The definition of AKI only included patients with KDIGO 2 or 3. It is important to mention that the reports of AKI in neurocritical patients show a high incidence of KDIGO 1, which is associated with worse outcomes and worse functional recovery [4]. Failure to report this group may be a factor for not finding differences. When trying to use more severe stages, as in this case, it is possible to classify some AKI cases as negative endpoints because it only achieved KDIGO 1, being really a true AKI case and not just purely functional and transitory. Therefore, defining the AKI outcome in neurocritical patients must be carefully evaluated.

  5. 5.

    Augmented renal clearance is likely to complicate the care of TBI patients with normal plasma creatinine concentrations, limiting our AKI diagnosis by usual markers. Using biomarkers such as NGAL increases our diagnosis of acute tubular injury in patients with normal creatinine after a TBI [5].

Therefore, like the primary study, we believe that the COBI post hoc study should not change our clinical practice by requiring hypertonic solutions in the context of intracranial hypertension. However, we must not think that the increases in chloride will not have repercussions at the kidney level.

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References

  1. Huet O, Chapalain X, Vermeersch V, et al. Impact of continuous hypertonic (NaCl 20%) saline solution on renal outcomes after traumatic brain injury (TBI): a post hoc analysis of the COBI trial. Crit Care. 2023;27(1):42.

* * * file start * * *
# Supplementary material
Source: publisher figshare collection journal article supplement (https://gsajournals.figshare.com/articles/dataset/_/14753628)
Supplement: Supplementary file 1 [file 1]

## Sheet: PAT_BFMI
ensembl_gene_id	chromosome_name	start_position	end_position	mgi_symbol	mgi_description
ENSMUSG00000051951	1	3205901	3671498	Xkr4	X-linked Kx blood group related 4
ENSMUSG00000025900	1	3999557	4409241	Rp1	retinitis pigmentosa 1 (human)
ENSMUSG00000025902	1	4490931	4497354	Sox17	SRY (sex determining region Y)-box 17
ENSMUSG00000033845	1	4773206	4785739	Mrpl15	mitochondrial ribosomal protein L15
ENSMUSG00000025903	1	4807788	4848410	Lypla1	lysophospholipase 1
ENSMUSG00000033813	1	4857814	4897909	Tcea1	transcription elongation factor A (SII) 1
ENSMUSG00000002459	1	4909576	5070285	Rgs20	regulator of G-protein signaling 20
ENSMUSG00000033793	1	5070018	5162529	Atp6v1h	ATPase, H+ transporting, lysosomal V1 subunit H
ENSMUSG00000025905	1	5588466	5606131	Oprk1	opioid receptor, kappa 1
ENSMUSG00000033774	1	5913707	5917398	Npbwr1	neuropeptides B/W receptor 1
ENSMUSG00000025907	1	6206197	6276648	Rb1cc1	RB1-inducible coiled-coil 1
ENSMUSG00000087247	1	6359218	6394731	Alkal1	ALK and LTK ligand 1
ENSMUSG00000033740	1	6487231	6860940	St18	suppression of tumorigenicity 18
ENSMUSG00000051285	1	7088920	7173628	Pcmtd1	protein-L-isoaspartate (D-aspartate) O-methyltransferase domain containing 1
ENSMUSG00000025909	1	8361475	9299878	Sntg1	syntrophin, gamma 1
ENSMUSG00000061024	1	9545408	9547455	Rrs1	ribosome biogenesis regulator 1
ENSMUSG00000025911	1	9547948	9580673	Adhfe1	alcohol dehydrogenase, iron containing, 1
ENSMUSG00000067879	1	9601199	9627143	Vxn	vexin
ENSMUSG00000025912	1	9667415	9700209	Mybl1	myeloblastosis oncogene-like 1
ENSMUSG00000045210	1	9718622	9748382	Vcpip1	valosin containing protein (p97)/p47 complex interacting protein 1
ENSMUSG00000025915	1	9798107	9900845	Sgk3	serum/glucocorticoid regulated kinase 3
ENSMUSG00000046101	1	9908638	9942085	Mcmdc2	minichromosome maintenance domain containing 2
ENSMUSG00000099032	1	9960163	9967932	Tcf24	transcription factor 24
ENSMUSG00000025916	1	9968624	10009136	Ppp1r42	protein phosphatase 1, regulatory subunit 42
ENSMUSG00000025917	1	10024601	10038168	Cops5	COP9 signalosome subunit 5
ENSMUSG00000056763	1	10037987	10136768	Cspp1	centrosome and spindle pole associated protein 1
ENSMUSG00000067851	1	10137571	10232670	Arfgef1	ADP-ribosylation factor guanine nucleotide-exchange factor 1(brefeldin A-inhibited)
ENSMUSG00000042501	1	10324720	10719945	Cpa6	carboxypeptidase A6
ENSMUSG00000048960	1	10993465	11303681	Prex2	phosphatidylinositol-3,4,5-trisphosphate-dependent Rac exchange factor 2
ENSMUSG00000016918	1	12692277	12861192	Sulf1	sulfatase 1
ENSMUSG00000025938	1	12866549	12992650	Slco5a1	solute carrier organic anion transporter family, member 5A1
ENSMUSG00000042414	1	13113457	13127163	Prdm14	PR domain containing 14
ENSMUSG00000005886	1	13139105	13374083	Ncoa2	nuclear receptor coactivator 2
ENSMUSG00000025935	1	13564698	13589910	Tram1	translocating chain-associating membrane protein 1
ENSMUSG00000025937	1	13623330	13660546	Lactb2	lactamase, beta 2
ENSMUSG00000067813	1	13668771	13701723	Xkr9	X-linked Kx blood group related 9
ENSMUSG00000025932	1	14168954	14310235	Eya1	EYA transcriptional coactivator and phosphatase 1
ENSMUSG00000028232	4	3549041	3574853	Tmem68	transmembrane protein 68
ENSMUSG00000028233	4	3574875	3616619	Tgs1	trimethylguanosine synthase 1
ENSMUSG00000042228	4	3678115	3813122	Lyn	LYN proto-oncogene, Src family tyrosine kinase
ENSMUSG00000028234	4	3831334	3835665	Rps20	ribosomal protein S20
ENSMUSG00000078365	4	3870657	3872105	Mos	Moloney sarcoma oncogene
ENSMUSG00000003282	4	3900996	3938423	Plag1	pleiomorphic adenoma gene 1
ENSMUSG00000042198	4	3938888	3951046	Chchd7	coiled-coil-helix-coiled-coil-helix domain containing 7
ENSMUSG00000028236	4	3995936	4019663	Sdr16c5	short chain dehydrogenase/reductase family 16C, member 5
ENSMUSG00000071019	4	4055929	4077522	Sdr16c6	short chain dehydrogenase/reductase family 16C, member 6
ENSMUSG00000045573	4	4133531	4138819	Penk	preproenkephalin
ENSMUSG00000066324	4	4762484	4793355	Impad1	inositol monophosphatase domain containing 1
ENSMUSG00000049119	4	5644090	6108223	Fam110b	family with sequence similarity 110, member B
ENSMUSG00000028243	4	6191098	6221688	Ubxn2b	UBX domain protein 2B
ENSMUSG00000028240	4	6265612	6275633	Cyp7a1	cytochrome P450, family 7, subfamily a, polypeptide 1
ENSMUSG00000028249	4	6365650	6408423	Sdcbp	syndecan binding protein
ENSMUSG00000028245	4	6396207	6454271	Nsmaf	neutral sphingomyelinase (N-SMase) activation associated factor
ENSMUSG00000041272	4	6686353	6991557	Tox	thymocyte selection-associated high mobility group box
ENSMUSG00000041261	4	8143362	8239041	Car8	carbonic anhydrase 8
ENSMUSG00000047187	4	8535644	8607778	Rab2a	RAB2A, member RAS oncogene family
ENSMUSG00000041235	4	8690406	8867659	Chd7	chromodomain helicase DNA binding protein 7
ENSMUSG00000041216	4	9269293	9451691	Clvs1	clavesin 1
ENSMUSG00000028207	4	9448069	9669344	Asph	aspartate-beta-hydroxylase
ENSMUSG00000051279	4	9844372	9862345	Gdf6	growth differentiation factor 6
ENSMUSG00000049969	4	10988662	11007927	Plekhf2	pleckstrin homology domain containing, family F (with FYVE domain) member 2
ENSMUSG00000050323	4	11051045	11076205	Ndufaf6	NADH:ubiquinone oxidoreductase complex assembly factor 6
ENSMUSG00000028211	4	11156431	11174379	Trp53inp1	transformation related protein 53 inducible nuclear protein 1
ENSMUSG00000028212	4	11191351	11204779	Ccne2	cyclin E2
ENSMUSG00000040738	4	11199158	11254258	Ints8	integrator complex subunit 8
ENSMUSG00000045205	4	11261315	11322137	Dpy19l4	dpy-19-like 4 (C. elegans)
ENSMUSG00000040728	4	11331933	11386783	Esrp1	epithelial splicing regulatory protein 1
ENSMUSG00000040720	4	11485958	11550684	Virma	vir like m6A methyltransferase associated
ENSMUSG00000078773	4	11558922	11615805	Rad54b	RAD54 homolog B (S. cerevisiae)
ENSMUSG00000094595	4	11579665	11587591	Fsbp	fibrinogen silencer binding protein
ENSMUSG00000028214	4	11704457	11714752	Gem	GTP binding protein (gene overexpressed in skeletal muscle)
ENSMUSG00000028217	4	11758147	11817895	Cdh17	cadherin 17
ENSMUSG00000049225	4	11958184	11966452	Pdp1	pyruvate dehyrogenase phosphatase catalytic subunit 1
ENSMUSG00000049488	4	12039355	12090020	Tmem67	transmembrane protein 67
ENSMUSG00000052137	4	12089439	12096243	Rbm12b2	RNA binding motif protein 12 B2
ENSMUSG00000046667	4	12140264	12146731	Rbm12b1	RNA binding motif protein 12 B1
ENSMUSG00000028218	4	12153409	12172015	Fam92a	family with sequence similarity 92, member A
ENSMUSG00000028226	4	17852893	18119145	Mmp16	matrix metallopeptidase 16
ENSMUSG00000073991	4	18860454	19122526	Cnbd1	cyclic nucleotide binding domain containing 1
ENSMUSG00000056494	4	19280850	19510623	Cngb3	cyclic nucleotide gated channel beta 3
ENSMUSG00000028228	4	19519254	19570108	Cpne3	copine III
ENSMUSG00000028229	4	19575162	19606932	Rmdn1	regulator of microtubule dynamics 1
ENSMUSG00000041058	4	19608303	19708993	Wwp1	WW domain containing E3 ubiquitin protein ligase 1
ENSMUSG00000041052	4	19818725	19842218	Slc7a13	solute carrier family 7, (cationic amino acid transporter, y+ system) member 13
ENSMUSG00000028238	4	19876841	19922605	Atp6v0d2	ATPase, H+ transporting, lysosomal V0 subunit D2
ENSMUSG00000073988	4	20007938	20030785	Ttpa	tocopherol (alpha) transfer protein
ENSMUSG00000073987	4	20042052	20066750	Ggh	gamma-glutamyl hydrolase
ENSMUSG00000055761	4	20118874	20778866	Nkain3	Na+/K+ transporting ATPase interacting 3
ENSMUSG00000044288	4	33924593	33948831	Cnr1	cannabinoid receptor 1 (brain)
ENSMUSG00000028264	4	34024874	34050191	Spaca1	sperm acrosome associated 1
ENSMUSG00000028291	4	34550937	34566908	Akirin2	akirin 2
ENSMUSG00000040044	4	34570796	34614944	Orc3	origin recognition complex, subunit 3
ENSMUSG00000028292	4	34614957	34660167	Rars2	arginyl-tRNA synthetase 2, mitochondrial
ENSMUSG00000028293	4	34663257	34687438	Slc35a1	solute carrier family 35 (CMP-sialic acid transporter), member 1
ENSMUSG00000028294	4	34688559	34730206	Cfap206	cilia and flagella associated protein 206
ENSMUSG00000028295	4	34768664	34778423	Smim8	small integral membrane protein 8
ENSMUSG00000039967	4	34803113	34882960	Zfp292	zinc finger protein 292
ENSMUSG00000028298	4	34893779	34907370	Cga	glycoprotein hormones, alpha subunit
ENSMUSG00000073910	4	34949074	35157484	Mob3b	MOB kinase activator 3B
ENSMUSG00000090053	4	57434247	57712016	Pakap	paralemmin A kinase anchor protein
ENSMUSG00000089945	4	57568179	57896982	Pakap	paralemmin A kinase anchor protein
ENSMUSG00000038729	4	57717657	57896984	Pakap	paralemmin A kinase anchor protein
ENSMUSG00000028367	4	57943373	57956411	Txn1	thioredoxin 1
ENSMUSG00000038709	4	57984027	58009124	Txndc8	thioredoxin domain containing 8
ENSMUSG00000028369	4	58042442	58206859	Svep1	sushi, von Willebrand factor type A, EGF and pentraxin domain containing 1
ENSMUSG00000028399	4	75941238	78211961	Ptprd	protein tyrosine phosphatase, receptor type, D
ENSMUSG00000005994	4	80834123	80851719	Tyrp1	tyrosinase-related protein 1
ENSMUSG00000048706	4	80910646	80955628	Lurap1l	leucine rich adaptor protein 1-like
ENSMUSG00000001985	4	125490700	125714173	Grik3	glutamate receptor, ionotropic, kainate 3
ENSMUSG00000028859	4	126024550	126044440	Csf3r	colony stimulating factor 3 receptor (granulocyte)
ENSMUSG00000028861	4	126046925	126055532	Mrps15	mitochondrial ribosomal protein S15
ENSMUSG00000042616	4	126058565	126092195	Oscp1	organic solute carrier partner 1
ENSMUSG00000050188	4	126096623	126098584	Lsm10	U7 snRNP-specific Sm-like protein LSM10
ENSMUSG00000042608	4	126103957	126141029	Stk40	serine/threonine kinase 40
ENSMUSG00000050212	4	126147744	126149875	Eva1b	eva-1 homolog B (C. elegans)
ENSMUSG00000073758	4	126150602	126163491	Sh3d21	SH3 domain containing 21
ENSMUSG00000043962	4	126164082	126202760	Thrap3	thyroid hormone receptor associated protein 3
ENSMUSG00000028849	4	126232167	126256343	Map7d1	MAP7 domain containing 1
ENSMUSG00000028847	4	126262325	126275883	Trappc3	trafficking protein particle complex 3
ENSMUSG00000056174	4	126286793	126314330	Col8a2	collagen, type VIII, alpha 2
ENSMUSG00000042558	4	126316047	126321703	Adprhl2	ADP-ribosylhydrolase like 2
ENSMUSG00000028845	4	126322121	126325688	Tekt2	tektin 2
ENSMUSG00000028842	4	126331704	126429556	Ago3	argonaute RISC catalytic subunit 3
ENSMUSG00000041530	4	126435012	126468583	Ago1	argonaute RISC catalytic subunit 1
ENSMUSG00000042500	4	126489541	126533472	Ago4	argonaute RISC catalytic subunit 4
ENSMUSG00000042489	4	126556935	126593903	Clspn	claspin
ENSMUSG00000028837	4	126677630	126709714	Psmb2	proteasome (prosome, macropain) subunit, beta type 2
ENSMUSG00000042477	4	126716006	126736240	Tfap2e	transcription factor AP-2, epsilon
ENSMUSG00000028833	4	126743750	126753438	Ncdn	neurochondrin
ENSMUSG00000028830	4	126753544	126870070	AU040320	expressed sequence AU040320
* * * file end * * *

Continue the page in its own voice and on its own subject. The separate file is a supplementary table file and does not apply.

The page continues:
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  2. Riha HM, Erdman MJ, Vandigo JE, et al. Impact of moderate hyperchloremia on clinical outcomes in intracerebral hemorrhage patients treated with continuous infusion hypertonic saline: a pilot study. Crit Care Med. 2017;9:e947–53.

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  3. Sadan O, Singbartl K, Kraft J, et al. Low-chloride-versus high-chloride-containing hypertonic solution for the treatment of subarachnoid hemorrhage-related complications: the ACETatE (a low chloride hypertonic solution for brain Edema) randomized trial. J Intensive Care. 2020;4(8):32.

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  4. Fandler-Hofler S, Odler B, Kneihsl M, et al. Acute and chronic kidney dysfunction and outcome after stroke thrombectomy. Transl Stroke Res. 2021;12(5):791–8.

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  5. Civiletti F, Assenzio B, Mazzeo AT, et al. Acute tubular injury is associated with severe traumatic brain injury: in vitro study on human tubular epithelial cells. Sci Rep. 2019;9(1):6090.

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GRG designed the work, GRG collected and analyzed the data, GRG, MM, and TR drafted the work or substantively revised it, and all authors read and approved the final manuscript.

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Correspondence to Gonzalo Ramírez-Guerrero.

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Ramírez-Guerrero, G., Marcello, M. & Reis, T. Hyperchloremia, a necessary evil in neurocritical care. Crit Care 27, 353 (2023). https://doi.org/10.1186/s13054-023-04639-8